Eye For Film >> Movies >> The Market (2007) Film Review
Reviewed by: Anton Bitel
"Our world", Mihram (Tayanç Ayaydin) is told by one of his clients at the beginning of The Market, "is full of scumbags". And this small-time independent trader in blackmarket goods is about to find out that he may well be one of them himself. After all, even if Mihram is trying to change, trying to give up all the drink and gambling and become a righteous man in the eyes of his wife Elif (Senay Aydin) and of Allah Himself, he must first engage in some increasingly unsavoury dealings to accomplish all this – and as the local mafiaman Mustafa (Hakan Sahin) tells him, "In trade, everything connects."
It is 1994, and Mihram hopes to find his salvation in connections – or more precisely, in the mobile phone businesses that are just beginning to emerge in eastern Turkey. When the local hospital's dispensary truck is robbed and a doctor (Nilüfer Alptekin) offers Mihram a large upfront fee to purchase replacements for the children's medicine from across the border, Mihram sees the opportunity of a lifetime.
He plans to gamble the money on a foolproof scheme involving the smuggling of mineral ore – a scheme that should, through the Azerbaijani connections of his dyspeptic old uncle Fazil (Genco Erkal), yield enough returns for Mihram to be able both to buy the much-needed pharmaceuticals and to start his own cellphone business with the remaining profits. Things, however, do not go quite as planned, and Mihram, for all his skills as a wheeler-dealer, is about to learn a lesson about his own small place in the workings of global capitalism.
If The Market dramatises an interconnected world of corrupt commerce, where the greatest winners are always the biggest thieves, it is also the product of more benign international collaborations. Though it is set on (and over) the border of Turkey and Azerbaijan and played out by a Turkish cast (in Turkish), it is a joint Turkish/British/German/Kazakh production written and directed by the Englishman Ben Hopkins (Simon Magus, The Nine Lives of Tomas Katz), who was drawn to making a feature in the region after working there on his documentary 37 Uses For A Dead Sheep (2006). This reflects the film's central paradox – that capitalism can engender both the most egregious kinds of exploitation and the most extraordinary acts of individual creativity.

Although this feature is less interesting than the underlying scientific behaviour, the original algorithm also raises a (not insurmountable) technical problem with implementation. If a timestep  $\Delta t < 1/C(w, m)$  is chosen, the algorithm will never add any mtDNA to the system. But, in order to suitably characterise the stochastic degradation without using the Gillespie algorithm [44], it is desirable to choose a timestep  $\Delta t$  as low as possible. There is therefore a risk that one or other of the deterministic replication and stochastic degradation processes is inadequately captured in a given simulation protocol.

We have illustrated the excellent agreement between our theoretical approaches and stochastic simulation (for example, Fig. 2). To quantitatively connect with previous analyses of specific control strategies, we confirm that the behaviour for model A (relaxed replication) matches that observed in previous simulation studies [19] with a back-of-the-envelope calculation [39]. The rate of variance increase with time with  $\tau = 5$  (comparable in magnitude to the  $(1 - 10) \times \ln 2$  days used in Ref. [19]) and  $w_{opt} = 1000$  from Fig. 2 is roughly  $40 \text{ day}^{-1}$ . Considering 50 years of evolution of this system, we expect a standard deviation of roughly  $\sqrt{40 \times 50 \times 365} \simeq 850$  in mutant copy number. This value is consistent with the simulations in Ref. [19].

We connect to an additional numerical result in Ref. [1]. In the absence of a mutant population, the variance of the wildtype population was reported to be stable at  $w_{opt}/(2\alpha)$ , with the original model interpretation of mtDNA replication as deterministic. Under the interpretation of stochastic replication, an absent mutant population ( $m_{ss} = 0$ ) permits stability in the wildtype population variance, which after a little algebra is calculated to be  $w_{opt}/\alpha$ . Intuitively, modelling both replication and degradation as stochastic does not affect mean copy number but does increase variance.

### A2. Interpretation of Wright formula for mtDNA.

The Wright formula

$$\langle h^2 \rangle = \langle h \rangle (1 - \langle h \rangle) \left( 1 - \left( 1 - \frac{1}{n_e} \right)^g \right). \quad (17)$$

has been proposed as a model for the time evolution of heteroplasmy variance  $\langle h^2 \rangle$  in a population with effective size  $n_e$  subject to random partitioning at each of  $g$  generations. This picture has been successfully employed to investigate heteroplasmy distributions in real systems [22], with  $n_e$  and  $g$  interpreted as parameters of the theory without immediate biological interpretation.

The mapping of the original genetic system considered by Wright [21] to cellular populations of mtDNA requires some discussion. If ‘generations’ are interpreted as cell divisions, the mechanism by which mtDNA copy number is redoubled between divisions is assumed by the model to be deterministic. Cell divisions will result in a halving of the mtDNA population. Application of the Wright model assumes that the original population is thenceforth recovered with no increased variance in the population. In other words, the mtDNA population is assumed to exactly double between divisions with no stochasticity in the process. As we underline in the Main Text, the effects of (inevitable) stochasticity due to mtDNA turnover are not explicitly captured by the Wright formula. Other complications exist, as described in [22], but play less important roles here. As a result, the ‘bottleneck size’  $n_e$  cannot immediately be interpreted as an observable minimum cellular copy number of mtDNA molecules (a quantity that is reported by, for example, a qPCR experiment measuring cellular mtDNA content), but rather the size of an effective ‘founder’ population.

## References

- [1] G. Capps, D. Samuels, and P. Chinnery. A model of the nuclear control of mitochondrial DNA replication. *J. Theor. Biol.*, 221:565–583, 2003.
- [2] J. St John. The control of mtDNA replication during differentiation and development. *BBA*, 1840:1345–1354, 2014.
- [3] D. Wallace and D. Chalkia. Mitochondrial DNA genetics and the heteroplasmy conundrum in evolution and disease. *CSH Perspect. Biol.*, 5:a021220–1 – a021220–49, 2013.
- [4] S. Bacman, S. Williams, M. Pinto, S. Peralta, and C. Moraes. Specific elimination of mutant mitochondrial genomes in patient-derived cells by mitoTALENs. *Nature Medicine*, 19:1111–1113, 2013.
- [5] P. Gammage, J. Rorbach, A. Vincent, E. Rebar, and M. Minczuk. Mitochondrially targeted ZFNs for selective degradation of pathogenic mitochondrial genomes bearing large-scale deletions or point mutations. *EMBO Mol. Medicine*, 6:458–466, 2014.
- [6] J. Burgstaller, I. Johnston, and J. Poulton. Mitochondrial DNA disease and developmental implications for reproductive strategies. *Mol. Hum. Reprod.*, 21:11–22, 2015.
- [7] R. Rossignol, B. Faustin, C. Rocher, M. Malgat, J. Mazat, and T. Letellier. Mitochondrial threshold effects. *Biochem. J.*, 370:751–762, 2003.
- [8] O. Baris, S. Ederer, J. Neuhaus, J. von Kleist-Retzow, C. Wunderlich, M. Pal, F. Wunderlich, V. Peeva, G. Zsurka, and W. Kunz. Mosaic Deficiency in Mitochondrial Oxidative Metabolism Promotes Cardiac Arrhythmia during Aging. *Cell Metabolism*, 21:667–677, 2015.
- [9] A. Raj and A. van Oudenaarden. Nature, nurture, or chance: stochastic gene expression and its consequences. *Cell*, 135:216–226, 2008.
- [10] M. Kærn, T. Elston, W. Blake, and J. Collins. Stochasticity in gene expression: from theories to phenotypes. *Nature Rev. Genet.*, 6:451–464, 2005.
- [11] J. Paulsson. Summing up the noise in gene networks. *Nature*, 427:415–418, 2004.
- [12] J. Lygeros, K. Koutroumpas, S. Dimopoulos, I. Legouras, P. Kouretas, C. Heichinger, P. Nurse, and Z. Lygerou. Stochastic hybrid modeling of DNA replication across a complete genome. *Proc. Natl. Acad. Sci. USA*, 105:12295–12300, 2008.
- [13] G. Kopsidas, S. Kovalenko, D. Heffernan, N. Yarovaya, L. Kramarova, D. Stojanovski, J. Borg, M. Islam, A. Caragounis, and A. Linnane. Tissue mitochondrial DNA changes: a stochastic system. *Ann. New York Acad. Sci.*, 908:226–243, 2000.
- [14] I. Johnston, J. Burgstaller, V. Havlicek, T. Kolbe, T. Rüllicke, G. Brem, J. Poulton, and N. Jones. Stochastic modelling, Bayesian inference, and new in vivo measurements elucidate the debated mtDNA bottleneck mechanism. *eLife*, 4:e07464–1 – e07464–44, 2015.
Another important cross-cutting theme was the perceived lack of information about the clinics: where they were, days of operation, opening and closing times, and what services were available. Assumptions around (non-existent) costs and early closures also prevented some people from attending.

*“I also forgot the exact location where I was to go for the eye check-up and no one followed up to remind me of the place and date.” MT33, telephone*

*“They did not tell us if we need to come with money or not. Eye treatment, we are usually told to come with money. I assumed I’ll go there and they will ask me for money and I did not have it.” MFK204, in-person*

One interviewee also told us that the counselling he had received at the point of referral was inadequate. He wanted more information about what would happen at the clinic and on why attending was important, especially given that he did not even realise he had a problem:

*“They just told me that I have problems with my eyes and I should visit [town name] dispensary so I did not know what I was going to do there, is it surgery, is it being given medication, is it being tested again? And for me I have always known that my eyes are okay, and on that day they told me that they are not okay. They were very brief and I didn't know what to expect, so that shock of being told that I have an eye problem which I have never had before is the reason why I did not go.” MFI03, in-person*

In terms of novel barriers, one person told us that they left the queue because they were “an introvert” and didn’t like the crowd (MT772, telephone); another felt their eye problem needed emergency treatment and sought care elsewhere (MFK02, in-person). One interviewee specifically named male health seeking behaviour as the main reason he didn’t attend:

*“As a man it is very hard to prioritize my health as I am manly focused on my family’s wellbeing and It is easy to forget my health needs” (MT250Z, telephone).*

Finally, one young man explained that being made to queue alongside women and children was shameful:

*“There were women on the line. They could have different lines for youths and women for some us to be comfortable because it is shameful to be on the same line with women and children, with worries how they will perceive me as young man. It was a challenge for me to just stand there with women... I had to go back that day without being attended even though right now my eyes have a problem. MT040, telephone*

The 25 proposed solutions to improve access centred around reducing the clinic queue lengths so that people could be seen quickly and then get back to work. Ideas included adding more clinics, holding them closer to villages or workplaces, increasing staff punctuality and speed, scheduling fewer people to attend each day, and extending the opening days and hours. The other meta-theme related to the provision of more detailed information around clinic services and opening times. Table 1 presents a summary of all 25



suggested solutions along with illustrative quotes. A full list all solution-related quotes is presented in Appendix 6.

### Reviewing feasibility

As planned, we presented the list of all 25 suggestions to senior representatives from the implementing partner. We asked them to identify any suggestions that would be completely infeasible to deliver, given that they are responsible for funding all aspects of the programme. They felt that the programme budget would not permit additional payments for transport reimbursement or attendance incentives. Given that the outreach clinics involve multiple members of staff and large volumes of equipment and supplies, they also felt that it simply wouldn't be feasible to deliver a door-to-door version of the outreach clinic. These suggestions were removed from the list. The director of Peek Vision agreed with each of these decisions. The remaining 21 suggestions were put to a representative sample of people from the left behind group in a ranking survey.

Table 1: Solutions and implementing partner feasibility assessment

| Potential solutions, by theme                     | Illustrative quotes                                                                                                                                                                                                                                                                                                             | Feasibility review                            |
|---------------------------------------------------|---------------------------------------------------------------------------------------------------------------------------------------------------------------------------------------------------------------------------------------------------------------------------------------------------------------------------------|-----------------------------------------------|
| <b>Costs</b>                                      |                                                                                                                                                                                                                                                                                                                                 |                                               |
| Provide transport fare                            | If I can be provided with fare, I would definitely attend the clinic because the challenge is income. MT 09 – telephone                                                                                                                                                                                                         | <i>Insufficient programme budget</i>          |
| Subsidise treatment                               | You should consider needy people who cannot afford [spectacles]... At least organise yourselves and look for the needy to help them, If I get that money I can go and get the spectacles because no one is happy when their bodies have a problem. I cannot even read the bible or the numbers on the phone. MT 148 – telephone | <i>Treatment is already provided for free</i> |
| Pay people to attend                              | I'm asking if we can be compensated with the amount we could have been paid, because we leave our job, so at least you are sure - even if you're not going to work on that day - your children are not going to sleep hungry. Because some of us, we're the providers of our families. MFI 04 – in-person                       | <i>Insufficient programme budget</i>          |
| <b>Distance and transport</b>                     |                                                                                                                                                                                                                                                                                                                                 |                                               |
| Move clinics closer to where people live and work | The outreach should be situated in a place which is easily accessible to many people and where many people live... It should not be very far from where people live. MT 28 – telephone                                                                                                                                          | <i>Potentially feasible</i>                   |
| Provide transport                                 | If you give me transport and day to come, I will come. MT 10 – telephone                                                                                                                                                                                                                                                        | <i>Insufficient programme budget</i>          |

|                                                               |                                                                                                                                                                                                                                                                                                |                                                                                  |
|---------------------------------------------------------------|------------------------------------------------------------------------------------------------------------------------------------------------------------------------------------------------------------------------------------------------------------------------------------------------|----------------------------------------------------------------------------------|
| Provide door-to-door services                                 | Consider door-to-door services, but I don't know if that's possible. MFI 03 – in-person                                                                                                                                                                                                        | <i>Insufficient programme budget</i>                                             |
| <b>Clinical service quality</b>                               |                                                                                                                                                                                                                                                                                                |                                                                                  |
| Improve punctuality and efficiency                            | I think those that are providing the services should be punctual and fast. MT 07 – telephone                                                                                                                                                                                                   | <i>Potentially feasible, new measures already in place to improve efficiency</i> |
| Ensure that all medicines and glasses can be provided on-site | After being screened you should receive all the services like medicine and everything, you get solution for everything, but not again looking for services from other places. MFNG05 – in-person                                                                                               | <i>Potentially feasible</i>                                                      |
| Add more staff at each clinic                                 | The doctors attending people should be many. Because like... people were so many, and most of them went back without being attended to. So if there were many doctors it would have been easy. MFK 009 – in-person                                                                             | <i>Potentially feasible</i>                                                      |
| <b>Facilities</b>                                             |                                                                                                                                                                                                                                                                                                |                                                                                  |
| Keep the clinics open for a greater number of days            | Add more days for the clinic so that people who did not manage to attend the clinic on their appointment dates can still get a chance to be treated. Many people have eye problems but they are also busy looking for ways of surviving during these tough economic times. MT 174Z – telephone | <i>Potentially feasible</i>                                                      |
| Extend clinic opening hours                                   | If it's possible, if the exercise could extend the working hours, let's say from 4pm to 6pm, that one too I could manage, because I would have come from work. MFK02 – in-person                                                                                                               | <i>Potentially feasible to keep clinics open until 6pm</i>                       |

It is a mixed message, which Hopkins delivers through a special blend of naturalism and allegory. For The Market is, essentially, a neo-realist tale of a man rooted in a particular time and place, who must struggle against hostile sociopolitical circumstances – and yet by irrationally framing this story at either end with a female singer/narrator (Rojin) who addresses the camera directly as she rhapsodises Mihram's fate, Hopkins elevates his film to a mythical level, where Mihram is as much symbolic figure as he is flesh and blood.
His ingenious yet impotent attempts to improve his lot make him an everyman in a globalised economy, so that, for better or worse, his negotiations with the world are ours too. We might feel distant from Mihram both geographically and culturally, but when we witness his self-delusion and naïveté in the face of irresistible market forces that he imagines he can control, we are really only looking in the mirror.
Like any bazaar, The Market has something for everybody. There is the cynical satire of the scenes in which Mihram goes about his business, and the escalating suspense of the bargaining episodes, each one with higher stakes than the last. There is the comedy of Mihram's relationship with Fazil, and the tragedy of his inevitable lapse into crime and debt. There is the local colour of Mihram's immediate environment, and the universal dimension of his travails. Hopkins, aided by an excellent cast, handles this all with assured deftness, offering an entertaining film with a great deal of substance to it, and a devastating sting in its tail.Reviewed on: 21 Oct 2008